As it has been in the last several years, 2023 has significant regulations in play – predominantly revolving around interoperability and transparency, making it strategically critical for health plans to understand the life cycle of their data. Enrollment data, Provider Contracting & Participation data and Cost Sharing transparency will all see changes in the next few years. It is no longer enough to simply have the data and extract it – health plans need to understand where data comes from and how it’s used. They need to completely understand what data is being extracted, the intent of the data, and how it’s being reported and how it is presented to their members.
Data Granularity & Health Equity
The Covid-19 pandemic shined a glaring light on inequity in health outcomes. We knew that social economics plays a role in health outcomes, but we weren’t looking at race, ethnicity, and other stratifications or at least not at the right level of granularity. For example, during Covid, health outcomes for those of African American descent were dramatically less – regardless of economic level.
It is critical that we look at the data in more granularity – and look at race, ethnicity, gender, and gender identity. We need to identify outcomes and start improving them. We need to ensure that some segments of society aren’t being undermanaged or underserved due to insufficient/too broad data.
Race & Ethnicity Stratification
Health plans are required to report race and ethnicity. However, we’ve never separated the two, meaning a patient would be listed as Black and Hispanic. By getting more granular with the data – for instance by separating these two data points we can improve individual and population health.
Another example – today, a patient would be listed as multi-race/Hispanic. But what if we got more granular and note that this patient is Puerto Rican, Black, and Hispanic. With this more granular data, we can start to see what needs to be improved, such as better communication methods or increased education. We can approach patients with more knowledge gleaned from this data granularity and improve care.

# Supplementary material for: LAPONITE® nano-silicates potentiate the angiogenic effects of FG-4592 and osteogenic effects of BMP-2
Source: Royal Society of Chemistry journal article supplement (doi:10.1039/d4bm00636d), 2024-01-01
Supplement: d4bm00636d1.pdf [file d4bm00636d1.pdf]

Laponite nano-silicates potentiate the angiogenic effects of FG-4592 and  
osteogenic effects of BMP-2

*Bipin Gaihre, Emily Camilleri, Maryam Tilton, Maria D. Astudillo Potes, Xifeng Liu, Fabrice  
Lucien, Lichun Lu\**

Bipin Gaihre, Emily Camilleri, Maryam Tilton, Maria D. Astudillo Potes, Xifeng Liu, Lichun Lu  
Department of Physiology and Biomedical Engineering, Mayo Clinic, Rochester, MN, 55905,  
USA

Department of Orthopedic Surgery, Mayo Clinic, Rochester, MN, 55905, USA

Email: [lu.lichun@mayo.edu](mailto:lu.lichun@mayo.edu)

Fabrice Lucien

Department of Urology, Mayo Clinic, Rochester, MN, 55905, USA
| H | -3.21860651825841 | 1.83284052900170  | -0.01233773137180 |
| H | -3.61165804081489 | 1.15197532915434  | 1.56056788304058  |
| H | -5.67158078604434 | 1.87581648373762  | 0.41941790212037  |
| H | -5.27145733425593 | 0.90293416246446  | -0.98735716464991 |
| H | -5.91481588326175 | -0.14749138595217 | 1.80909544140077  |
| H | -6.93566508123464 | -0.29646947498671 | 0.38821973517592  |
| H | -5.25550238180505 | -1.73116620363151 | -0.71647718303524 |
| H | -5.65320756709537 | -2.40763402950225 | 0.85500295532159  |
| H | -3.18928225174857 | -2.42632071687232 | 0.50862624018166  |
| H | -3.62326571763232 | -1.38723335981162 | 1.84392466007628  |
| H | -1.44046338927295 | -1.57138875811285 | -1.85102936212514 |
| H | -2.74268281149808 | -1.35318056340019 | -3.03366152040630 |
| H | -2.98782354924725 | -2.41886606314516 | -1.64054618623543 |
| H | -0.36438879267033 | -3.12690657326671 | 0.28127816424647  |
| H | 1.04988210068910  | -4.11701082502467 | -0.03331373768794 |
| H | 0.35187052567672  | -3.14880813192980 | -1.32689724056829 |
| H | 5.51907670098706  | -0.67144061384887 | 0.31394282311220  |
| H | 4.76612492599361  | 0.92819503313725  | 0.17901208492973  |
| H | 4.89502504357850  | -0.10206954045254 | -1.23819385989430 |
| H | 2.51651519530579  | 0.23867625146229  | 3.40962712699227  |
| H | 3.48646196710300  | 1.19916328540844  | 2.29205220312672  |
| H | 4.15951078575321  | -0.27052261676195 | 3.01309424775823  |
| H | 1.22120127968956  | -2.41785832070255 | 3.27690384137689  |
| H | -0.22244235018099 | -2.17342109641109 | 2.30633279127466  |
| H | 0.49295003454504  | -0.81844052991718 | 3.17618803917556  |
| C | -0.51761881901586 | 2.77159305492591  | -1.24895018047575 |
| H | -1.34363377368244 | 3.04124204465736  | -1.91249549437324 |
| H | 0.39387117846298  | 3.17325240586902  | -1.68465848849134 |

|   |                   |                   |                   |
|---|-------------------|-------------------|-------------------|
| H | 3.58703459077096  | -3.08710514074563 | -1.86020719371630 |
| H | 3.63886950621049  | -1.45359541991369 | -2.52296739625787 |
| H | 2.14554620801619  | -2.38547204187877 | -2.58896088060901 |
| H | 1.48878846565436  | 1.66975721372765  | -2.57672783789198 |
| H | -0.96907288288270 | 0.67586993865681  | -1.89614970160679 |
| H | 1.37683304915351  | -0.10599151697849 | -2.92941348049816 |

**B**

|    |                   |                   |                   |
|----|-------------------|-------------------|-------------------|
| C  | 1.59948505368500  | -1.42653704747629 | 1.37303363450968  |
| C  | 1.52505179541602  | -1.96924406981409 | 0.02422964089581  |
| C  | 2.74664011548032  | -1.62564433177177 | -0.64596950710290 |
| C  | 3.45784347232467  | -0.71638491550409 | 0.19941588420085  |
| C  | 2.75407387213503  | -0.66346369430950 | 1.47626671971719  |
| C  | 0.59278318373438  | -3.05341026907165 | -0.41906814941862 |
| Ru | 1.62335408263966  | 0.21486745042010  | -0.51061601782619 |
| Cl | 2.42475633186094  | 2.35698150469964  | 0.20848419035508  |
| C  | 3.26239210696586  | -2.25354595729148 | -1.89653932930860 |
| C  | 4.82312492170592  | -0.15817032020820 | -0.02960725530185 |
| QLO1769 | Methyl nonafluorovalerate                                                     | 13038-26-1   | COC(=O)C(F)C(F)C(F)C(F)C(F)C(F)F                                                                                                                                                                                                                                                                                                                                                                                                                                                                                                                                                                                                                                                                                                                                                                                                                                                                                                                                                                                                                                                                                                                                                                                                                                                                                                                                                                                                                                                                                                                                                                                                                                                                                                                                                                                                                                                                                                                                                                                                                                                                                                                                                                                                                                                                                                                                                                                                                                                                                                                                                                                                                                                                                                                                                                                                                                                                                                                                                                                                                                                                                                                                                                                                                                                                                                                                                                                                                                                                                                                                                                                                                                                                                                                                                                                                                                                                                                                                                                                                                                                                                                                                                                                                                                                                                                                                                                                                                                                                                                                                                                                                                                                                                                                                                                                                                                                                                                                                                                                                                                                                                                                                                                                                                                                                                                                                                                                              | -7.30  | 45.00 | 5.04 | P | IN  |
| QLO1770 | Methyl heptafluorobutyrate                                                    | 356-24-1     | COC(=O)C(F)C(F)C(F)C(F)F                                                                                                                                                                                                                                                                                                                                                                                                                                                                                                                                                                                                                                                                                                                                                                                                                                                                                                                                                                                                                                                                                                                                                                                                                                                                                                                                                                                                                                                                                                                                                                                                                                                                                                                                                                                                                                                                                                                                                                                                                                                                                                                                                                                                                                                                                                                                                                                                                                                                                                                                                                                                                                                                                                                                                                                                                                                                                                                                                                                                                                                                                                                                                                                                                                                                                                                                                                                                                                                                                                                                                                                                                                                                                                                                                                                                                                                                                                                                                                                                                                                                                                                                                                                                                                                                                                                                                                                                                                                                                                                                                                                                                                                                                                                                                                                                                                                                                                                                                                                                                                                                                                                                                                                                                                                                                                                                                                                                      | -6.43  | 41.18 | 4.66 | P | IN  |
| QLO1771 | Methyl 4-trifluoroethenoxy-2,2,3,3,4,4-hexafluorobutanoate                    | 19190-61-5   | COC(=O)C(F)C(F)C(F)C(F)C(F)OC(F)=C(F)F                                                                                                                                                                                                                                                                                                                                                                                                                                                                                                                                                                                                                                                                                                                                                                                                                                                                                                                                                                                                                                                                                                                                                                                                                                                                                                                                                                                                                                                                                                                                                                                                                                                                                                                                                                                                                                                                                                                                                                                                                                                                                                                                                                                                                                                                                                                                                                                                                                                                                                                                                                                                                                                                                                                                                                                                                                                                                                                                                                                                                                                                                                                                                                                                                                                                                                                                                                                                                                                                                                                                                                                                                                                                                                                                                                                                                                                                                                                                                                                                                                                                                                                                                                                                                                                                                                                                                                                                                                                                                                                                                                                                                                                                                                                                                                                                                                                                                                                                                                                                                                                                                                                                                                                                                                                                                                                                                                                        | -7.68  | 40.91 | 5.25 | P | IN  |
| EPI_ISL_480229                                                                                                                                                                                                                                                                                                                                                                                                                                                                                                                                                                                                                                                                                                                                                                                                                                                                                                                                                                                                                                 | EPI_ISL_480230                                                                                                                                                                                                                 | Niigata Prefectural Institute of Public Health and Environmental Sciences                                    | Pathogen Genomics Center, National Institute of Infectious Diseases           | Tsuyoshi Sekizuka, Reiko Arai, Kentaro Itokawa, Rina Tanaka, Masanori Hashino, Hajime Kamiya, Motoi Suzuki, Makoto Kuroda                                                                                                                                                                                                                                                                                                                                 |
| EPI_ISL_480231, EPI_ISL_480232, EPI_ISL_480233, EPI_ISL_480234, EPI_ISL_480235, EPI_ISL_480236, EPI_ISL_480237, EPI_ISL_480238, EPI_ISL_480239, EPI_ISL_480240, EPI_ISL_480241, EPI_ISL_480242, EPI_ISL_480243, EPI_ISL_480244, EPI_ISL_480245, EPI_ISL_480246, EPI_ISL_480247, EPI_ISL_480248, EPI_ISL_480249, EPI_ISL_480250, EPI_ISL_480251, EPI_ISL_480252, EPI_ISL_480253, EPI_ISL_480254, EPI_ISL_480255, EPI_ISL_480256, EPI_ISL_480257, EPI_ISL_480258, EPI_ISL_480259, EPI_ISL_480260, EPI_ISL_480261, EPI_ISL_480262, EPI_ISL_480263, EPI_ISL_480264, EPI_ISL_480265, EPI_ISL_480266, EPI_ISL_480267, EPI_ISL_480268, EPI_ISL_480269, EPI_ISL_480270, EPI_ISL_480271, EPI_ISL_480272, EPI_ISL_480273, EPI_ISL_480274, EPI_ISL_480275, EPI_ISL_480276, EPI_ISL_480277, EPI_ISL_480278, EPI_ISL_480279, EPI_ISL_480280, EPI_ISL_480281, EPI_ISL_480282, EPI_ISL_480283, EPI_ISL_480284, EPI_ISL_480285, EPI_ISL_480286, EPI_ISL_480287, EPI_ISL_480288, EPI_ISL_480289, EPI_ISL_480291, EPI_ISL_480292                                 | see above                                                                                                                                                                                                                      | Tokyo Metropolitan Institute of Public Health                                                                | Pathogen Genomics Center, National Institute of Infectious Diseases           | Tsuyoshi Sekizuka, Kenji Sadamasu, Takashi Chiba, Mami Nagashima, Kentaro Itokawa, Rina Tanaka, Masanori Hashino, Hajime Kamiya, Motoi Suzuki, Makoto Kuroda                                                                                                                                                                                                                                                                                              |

Currently, there are no codes for Middle Eastern descent – but we know that people of Middle Eastern descent have their own genetic markers. What information could we glean from this population if that code and subsequent data existed? How could it improve the health of this population?
Protecting Sensitive Data
There remains a hesitancy in some parts of the population to share their information. Race, sexual orientation, and gender identity can be sensitive topics to certain members of the population, and with this sensitivity sometimes comes a hesitancy to share this information. For instance, SOGI has been hit or miss around transgender and how transgender people are treated.
This is a stumbling block we need to acknowledge and manage. We need to be sensitive to the increasingly granular data we store, its sensitivity, societal triggers, and patient/populations outcome/treatment. We need to protect this data and keep vulnerable populations safe/comfortable to share their information.
Federal & State Regulations
Health plans need to get to the level of granularity required by these regulations.
In 2023, NCQA’s health plan ratings include commercial, Medicare, and Medicaid health plans. The rating is a weighted average of a plan’s HEDIS® and CAHPS® measure ratings and accreditation status as of June 30, 2023.
Furthermore, in 2023, HEDIS is requiring additional reporting stratification for five key measurements:
- Colorectal Cancer Screening
- Controlling High Blood Pressure
- Hemoglobin A1c Control for Patients with Diabetes
- Prenatal and Postpartum Care
- Child and Adolescent Well Care Visits.
HealthEdge – Enabling Transparent Data
The member centric goals of interoperability and transparency efforts hinge upon the industry’s approach to understanding data characteristics, from the business perspective, beyond data mapping and formatting. As regulations evolve and standards are adopted, we begin to see alignment of data standards and transaction formats for these data elements.
The HealthEdge suite of products is so adaptable – it can create the mechanism to allow our customers to collect, store, use, and extract the data in any way necessary to improve their member health and meet regulatory compliance requirements.
Learn more about HealthEdge’s accurate, real-time data here.